Matt S: I assume the future of the project depends on sales, but what kind of opportunity do you see for this concept? Could we have themed editions down the track (you should see how many VNs are on itch.io!)
Ryan B: My plan was to eventually do 3-4 volumes a year as well as themed editions; so that could be genre themes, or a Christmas, Halloween, or LGBT+ themed set. I have tons of ideas swimming around my head, but I think the standard volume format will always be the primary focus – as you say, it really all depends on whether Vol. 1 shows an interest in this concept or not. And if not, hey, I’m just thankful I got to realise my dream for even one volume.

Matt S: Can you tell me how you arrived at the aesthetic for the collection – it seems to me to be very street art inspired. Is there a reason for that?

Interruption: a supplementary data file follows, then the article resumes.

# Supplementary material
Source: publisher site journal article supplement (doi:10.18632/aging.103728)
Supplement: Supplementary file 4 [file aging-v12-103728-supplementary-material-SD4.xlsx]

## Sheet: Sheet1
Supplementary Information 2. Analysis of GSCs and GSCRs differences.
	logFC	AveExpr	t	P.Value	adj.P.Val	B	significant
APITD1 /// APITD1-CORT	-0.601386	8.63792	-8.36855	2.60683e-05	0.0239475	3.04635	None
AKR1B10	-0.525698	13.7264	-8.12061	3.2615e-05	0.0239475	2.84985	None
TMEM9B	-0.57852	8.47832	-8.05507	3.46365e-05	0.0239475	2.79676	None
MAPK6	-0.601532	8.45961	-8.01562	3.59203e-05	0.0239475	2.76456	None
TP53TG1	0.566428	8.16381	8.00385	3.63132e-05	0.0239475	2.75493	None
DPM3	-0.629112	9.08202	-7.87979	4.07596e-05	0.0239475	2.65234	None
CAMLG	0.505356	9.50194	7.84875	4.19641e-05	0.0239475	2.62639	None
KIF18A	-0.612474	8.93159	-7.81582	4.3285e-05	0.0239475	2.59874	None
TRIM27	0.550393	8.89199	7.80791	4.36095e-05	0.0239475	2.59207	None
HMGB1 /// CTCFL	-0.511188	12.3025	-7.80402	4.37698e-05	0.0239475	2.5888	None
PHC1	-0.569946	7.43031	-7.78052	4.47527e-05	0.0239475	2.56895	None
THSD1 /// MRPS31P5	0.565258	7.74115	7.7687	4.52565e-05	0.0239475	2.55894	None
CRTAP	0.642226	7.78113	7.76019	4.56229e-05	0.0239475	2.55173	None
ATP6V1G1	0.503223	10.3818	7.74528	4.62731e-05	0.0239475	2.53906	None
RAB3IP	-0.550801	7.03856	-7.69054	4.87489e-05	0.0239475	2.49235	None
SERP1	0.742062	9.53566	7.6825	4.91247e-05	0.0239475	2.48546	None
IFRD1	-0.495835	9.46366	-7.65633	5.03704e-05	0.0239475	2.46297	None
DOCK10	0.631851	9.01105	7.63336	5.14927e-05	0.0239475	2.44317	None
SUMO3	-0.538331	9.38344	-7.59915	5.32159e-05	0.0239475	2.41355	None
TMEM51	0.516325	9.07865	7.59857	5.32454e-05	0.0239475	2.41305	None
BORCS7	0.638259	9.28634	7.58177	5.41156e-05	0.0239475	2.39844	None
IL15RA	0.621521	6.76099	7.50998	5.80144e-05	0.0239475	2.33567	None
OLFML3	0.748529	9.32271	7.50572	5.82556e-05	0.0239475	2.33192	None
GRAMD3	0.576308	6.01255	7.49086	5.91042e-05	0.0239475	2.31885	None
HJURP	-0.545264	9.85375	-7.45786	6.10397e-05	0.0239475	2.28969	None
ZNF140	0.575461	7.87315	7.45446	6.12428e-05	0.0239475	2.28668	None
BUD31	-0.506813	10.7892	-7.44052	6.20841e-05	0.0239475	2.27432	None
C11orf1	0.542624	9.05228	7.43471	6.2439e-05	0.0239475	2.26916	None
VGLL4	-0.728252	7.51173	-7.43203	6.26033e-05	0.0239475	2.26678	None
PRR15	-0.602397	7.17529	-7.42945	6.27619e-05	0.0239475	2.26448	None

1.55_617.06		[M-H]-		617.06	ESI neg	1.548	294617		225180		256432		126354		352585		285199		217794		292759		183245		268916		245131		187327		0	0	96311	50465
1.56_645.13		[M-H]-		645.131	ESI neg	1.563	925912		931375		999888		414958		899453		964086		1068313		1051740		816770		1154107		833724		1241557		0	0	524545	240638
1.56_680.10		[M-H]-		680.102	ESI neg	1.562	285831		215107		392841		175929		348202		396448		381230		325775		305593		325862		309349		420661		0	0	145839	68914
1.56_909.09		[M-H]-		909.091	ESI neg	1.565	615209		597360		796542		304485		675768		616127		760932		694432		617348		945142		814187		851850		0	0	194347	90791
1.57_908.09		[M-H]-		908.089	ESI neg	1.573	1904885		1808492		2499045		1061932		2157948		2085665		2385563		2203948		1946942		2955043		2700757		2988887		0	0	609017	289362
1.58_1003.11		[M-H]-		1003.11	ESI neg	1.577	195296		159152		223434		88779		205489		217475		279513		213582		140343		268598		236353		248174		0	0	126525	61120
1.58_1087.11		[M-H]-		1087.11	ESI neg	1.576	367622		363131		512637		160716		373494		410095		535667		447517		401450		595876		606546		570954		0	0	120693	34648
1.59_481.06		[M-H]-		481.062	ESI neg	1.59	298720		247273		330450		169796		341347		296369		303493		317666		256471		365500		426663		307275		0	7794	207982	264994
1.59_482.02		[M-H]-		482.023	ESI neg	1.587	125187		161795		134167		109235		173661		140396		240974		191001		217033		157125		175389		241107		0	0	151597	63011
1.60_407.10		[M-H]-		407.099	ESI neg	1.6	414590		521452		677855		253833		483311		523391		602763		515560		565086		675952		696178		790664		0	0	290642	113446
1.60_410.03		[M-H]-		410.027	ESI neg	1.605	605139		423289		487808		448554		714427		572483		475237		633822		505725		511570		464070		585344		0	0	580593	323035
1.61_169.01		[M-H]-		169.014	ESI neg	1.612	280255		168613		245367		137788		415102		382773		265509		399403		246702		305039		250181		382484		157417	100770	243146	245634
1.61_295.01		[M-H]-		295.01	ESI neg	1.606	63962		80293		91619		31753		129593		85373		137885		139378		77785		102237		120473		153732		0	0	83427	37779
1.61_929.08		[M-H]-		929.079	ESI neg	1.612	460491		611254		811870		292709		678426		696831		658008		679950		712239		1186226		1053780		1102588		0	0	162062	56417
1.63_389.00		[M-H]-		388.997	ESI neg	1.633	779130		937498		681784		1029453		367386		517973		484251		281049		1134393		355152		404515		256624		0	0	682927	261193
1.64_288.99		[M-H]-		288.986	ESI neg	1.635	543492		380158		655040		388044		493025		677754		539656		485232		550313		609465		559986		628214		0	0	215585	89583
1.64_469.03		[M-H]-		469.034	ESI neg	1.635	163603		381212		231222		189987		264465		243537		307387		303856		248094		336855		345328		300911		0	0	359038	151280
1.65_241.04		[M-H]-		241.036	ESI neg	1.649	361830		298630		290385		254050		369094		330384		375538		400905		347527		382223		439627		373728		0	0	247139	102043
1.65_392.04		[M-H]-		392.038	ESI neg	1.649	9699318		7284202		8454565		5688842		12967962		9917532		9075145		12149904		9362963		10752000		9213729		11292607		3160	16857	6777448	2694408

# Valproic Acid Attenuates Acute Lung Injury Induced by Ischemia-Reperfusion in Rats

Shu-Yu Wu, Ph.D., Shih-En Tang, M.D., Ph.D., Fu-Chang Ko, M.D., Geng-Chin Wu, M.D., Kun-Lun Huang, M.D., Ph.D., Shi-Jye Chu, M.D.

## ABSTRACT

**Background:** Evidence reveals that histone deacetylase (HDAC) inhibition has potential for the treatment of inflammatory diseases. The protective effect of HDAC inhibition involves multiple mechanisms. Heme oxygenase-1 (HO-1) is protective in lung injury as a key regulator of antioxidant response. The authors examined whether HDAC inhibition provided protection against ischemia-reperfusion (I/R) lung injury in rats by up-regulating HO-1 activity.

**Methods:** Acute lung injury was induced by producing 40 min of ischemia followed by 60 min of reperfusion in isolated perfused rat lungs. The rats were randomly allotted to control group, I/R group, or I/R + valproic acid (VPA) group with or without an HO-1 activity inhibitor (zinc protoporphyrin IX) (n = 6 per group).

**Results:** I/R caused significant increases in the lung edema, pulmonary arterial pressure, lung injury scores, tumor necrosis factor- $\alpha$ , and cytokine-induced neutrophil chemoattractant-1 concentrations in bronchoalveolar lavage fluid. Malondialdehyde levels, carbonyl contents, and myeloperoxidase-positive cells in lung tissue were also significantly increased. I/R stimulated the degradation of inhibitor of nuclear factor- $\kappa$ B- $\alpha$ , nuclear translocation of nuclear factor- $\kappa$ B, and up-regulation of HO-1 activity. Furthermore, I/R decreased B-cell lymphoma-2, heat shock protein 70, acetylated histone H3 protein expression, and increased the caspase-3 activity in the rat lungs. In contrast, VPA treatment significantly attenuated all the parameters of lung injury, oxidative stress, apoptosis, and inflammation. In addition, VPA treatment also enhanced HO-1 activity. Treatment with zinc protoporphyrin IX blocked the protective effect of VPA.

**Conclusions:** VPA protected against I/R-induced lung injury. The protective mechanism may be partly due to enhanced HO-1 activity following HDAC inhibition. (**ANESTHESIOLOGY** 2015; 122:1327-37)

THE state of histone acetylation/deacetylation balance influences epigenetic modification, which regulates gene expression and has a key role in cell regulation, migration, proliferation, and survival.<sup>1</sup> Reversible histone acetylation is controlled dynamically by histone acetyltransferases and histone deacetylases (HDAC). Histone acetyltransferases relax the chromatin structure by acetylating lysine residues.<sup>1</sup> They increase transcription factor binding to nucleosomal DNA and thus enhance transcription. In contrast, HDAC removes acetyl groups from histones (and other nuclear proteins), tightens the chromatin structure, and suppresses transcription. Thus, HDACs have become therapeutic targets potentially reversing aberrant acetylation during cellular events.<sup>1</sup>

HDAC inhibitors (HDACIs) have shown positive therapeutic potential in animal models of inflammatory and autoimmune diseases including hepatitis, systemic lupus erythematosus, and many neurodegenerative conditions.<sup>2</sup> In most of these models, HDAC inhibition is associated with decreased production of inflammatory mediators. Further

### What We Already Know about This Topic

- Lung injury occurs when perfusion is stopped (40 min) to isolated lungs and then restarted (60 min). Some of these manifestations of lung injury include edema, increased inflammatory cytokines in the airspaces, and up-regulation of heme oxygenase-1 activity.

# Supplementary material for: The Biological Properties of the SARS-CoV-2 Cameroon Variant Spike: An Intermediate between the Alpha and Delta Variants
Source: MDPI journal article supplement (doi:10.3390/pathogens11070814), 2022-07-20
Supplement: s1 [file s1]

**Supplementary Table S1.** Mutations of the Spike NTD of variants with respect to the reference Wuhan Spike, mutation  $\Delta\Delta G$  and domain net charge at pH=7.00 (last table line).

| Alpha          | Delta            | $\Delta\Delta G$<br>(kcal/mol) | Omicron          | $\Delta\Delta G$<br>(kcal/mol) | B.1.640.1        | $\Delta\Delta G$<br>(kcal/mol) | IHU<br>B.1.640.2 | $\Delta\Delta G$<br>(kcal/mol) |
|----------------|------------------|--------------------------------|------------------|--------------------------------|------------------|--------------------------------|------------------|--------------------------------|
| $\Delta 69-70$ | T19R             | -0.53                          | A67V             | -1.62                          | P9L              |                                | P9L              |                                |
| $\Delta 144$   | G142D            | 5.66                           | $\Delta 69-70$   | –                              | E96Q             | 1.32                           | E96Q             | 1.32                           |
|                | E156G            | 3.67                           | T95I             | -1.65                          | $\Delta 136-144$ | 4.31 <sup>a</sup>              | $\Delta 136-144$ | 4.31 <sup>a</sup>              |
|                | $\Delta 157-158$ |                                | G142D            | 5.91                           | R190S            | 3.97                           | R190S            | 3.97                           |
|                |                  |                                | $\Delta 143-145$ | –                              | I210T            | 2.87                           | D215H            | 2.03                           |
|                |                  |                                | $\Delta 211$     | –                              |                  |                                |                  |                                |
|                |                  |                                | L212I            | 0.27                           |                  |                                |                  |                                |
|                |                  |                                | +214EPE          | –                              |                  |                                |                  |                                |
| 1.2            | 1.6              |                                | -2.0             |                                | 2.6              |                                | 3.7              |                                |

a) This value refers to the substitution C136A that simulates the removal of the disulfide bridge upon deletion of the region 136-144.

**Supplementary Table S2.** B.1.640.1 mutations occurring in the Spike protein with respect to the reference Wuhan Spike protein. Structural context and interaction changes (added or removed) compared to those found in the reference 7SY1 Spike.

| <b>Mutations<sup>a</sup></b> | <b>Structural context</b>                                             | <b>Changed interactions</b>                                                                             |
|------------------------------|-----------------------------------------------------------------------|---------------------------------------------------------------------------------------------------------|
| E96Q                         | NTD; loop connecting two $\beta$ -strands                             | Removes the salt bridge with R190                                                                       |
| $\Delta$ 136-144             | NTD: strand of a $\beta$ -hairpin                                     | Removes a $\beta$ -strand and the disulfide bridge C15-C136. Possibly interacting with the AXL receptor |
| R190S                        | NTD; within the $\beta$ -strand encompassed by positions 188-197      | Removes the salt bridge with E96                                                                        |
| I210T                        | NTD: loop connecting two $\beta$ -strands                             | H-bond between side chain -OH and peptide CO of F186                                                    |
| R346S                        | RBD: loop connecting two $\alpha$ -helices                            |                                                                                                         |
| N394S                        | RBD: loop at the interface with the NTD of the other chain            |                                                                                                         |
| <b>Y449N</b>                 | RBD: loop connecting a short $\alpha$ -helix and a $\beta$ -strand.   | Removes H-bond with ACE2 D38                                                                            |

Ryan B: Oh, that’s interesting! I was going for a general demo disc/mixtape-y kinda vibe, having grown up with PS1 demo discs and PC DOS compilation CDs. The cover art is actually inspired by the key art of Super Smash Bros. Brawl – I thought that the spiral effect would be a really cool way to show off most of the games in the package, and I wanted to make sure most developers had a spotlight on the cover.

There’s a lot of colour clashing, which I think is unconventional, but really adds to that cool mixtape, variety compilation pack feel. The aesthetic of the custom launcher follows this vibe too, and even has some tape cassette sounds for most of its buttons!

Matt S: The collection does seem to be very “western”-orientated. Was it just language barriers that made it difficult to reach out to, say, Japanese indies with games on itch.io?
Ryan B: Definitely not intentional – language barriers can, unfortunately, make projects like this complicated, but I have many non-Western games on my wishlist for future volumes that I’ll hopefully be pursuing!

Matt S: Why a USB drive rather than a disc?